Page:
Nursing homes on the Special Focus list represent those with the worst survey findings in the country, based on the most recent three years of survey history. The selection methodology takes into account the severity of deficiencies and the number of deficiencies. Deficiencies identified during complaint investigations are also included in the computation. Each State selects its Special Focus nursing homes from a CMS candidate list of approximately 15 eligible nursing homes in their own State, using additional information available to the State regarding the nursing homes’ quality of care in order to make the final selection. As of April 2008, there were 134 SFF-designated homes, out of about 16,000 active Medicare- or Medicaid-participating facilities. As homes improve their quality of care and “graduate” from the program, or fail to improve and are terminated from Medicare and Medicaid, new homes are added to the list.
States conduct twice the number of standard surveys for Special Focus nursing homes compared to other nursing homes. If serious problems continue, then CMS applies progressive enforcement until the nursing home either (a) graduates from the Special Focus program because it makes significant improvements that last; (b) is terminated from participation in the Medicare and Medicaid programs; or (c) is given more time due to a trendline of improvement and promising developments, such as sale of the nursing home to a new owner with a better track record of providing quality care.
To analyze the impact of the Special Focus Facility initiative, CMS compared the 128 nursing homes selected in 2005 with alternate nursing homes on the candidate list that were not selected. The Special Focus nursing homes had more deficiencies than others: 11 deficiencies on average in the Special Focus Facilities compared with 9 deficiencies for the alternates and 7 for nursing homes on average. However, over the course of the next two years approximately 42 percent of the Special Focus nursing homes had significantly improved to the point of meeting the Special Focus Facility graduation criteria, whereas only 29 percent of the alternates had equally improved. At the same time, change of ownership or closure of poorly performing nursing homes was greater in the Special Focus nursing homes. Approximately 15 percent of the Special Focus nursing homes were terminated from participation in Medicare compared with less than 8 percent in the alternates and 2 percent for all other nursing homes. The better response of the Special Focus nursing homes in addressing deficiencies has been a function of the greater attention that CMS paid to those nursing homes on the Special Focus Facility list, and the imperative for action that is built into the Special Focus Facility program design.
The Special Focus initiative can pay great quality-of-care dividends for nursing home residents. For example, a nursing home in rural Monck’s Corner, South Carolina, was a Special Focus nursing home that failed to improve significantly over the 18 months after it was first selected. As a result, in April 2007 CMS issued a Medicare notice of termination to the facility. We were prepared to see the 132 nursing home residents relocated to other facilities that provided better care. At that point, however, the nursing home operators evidenced a willingness to implement the type of serious reforms that had clear potential to transform their quality of care. CMS agreed to extend the termination date provided the nursing home would enter into a legally-binding agreement to institute certain quality-focused reforms. We required that they undergo a root cause analysis of their underlying systems-of-care deficiencies, to be conducted by a QIO selected by CMS. We required that the nursing home then develop an action plan based on the root cause analysis, and also place $850,000 in escrow to pay for the reforms indicated by the action plan and root cause analysis. These interventions were successful. The nursing home passed the subsequent survey, was purchased by another owner, and is on track to graduate later this year from the Special Focus Facility initiative provided it can sustain the improvements over time. The corporation that operated the nursing home is now seeking to replicate this approach with other nursing homes that it operates.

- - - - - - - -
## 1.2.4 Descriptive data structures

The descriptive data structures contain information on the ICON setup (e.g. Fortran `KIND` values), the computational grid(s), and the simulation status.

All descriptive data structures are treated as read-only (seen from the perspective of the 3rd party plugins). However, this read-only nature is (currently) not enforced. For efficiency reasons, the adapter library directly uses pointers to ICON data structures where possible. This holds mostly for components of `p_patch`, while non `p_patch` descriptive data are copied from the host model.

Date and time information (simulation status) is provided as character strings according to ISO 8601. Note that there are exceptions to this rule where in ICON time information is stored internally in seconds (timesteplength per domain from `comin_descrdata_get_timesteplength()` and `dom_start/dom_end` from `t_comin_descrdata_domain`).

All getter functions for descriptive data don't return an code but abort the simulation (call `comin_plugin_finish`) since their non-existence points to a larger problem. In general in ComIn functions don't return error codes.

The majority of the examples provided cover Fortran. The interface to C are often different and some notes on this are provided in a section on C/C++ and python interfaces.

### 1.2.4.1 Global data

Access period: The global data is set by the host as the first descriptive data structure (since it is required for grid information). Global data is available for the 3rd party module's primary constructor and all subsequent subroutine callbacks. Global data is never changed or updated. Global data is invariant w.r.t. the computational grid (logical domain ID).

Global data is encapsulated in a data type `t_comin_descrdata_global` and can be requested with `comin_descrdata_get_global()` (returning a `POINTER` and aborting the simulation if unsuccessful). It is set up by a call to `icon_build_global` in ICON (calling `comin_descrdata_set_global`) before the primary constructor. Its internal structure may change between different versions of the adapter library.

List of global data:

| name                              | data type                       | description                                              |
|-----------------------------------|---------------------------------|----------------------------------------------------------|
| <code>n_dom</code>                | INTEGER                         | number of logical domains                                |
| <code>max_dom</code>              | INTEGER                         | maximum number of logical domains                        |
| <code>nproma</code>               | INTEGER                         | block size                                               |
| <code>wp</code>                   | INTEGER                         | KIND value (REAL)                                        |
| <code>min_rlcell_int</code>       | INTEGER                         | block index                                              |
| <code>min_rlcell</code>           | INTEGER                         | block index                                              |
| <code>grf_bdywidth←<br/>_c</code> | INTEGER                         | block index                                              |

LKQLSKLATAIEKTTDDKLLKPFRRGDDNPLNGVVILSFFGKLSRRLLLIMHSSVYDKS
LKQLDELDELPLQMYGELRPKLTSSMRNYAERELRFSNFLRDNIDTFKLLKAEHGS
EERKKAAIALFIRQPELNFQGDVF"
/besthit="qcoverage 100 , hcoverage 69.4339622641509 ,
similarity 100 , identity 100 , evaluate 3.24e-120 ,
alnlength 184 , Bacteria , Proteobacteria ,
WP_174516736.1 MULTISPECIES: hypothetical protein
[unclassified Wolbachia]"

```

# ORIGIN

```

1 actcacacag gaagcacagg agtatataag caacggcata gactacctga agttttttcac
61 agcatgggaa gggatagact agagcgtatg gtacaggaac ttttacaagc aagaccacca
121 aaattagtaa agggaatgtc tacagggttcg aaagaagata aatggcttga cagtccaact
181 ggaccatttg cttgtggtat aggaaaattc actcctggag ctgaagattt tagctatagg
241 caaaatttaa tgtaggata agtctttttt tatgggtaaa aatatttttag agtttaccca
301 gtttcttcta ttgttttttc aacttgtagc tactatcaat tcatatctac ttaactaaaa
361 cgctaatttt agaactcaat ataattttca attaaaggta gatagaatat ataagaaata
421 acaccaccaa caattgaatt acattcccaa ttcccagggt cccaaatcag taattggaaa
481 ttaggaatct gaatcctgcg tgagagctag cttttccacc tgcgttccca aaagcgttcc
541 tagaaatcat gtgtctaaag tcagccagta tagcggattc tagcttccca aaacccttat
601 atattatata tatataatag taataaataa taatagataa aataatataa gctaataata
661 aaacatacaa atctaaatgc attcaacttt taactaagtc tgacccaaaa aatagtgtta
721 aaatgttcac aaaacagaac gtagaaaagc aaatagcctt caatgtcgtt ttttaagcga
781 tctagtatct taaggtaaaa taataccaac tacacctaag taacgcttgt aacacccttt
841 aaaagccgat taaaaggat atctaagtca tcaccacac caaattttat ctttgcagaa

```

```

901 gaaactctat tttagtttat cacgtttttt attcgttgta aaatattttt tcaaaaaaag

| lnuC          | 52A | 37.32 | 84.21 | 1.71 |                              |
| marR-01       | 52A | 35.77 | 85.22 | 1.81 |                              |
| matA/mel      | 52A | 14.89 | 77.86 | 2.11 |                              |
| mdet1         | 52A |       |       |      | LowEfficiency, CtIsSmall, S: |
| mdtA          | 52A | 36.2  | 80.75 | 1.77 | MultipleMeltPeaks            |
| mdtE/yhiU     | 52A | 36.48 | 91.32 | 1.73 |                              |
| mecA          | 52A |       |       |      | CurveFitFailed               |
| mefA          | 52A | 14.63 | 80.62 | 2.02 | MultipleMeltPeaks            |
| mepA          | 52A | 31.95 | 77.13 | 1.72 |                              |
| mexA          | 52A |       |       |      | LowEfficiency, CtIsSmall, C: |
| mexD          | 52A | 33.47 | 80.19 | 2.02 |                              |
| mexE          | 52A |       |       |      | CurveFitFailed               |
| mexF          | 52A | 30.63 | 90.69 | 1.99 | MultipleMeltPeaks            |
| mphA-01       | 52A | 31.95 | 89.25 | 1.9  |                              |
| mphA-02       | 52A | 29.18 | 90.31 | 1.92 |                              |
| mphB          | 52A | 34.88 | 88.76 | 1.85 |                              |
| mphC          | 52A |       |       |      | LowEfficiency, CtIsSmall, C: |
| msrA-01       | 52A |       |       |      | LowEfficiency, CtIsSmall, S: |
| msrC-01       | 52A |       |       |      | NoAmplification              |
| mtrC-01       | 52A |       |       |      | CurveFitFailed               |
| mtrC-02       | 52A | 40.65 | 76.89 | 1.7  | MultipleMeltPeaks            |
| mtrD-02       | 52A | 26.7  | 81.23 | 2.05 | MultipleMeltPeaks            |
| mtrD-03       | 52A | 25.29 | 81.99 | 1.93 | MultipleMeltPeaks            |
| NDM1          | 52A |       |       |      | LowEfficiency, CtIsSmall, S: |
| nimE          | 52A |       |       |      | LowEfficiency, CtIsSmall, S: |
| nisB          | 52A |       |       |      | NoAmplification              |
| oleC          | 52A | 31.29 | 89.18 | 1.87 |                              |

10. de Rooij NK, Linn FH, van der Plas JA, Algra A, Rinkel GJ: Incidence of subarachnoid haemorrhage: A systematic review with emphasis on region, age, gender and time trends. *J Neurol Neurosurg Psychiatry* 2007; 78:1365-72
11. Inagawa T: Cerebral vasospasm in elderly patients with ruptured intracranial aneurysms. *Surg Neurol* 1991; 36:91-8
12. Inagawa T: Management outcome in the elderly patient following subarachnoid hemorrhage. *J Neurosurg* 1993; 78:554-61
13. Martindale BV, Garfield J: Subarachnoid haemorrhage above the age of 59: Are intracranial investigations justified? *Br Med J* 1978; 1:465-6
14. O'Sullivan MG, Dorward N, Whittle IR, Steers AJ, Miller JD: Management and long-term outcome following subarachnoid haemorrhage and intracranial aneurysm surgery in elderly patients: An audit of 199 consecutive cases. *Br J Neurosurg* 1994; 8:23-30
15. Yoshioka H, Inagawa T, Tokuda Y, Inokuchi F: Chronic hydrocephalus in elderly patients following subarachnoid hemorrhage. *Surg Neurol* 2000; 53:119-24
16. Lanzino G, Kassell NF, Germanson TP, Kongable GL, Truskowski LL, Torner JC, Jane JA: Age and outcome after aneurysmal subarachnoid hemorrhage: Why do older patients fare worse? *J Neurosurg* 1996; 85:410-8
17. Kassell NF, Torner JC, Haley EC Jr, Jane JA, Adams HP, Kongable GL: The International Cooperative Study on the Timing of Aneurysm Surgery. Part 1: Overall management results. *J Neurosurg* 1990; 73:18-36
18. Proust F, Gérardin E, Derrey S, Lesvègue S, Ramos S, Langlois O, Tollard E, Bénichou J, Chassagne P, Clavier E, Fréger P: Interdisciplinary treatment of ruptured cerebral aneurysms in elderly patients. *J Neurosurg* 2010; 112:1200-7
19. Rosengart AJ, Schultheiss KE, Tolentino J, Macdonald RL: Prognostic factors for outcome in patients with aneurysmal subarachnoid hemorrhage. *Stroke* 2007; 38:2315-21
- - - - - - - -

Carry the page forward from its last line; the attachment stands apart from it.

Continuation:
For the past several months, CMS has been working to bring added transparency to the SFF program. Increased consumer transparency on the initiative started in November 2007, when CMS began publishing on www.medicare.gov the list of SFF-designated nursing homes on the www.medicare.gov web site. In February 2008 we published an updated, expanded list of nursing homes in the SFF initiative, including further information on their specific designation (e.g., new addition, not improved, improving, recently graduated or no longer in the Medicare and Medicaid programs). Last month, we linked the posted SFF information to the Nursing Home Compare web site, with nursing home SFF designations now noted on Nursing Home Compare. We will continue to evaluate the impact and potentially build upon these efforts to promote increased consumer transparency.
Mr. Chairman, thank you for the opportunity to testify here today. Regardless of setting or ownership, quality health and long-term care for Medicare and Medicaid beneficiaries is of the utmost importance to CMS. To that end, I plan to work to ensure high quality medical care for all nursing home residents. I would be pleased to address any questions or hear any comments you may have.1 Centers for Medicare & Medicaid Services. 2008 Action Plan for (Further Improvement of) Nursing Home Quality (http://www.cms.hhs.gov/CertificationandComplianc/Downloads/2008NHActionPlan.pdf).
3 Centers for Medicare & Medicaid Services. Nursing Home Data Compendium (http://www.cms.hhs.gov/CertificationandComplianc/12_NHs.asp#TopOfPage).
5 U.S. Department of Health and Human Services. 2007 CMS Statistics at 4 and 34. Washington D.C.: U.S. Government Printing Office.
6 2007 CMS Statistics at 3 and 28.
7 2007 CMS Statistics at 4 and 39. “Nursing facility” in this context includes SNFs and all other nursing facilities other than intermediate care facilities (ICF/MR). 8 2007 CMS Statistics at 29. Note these figures exclude payments under SCHIP.
9 Section 1819(b)(2) of the Social Security Act.
10 See http://www.cms.hhs.gov/CertificationandComplianc/12_NHs.asp#TopOfPage
11 Information about the campaign for Advancing Excellence in America’s Nursing Homes may be found at: http://www.nhqualitycampaign.org
Last revised: June 18, 2013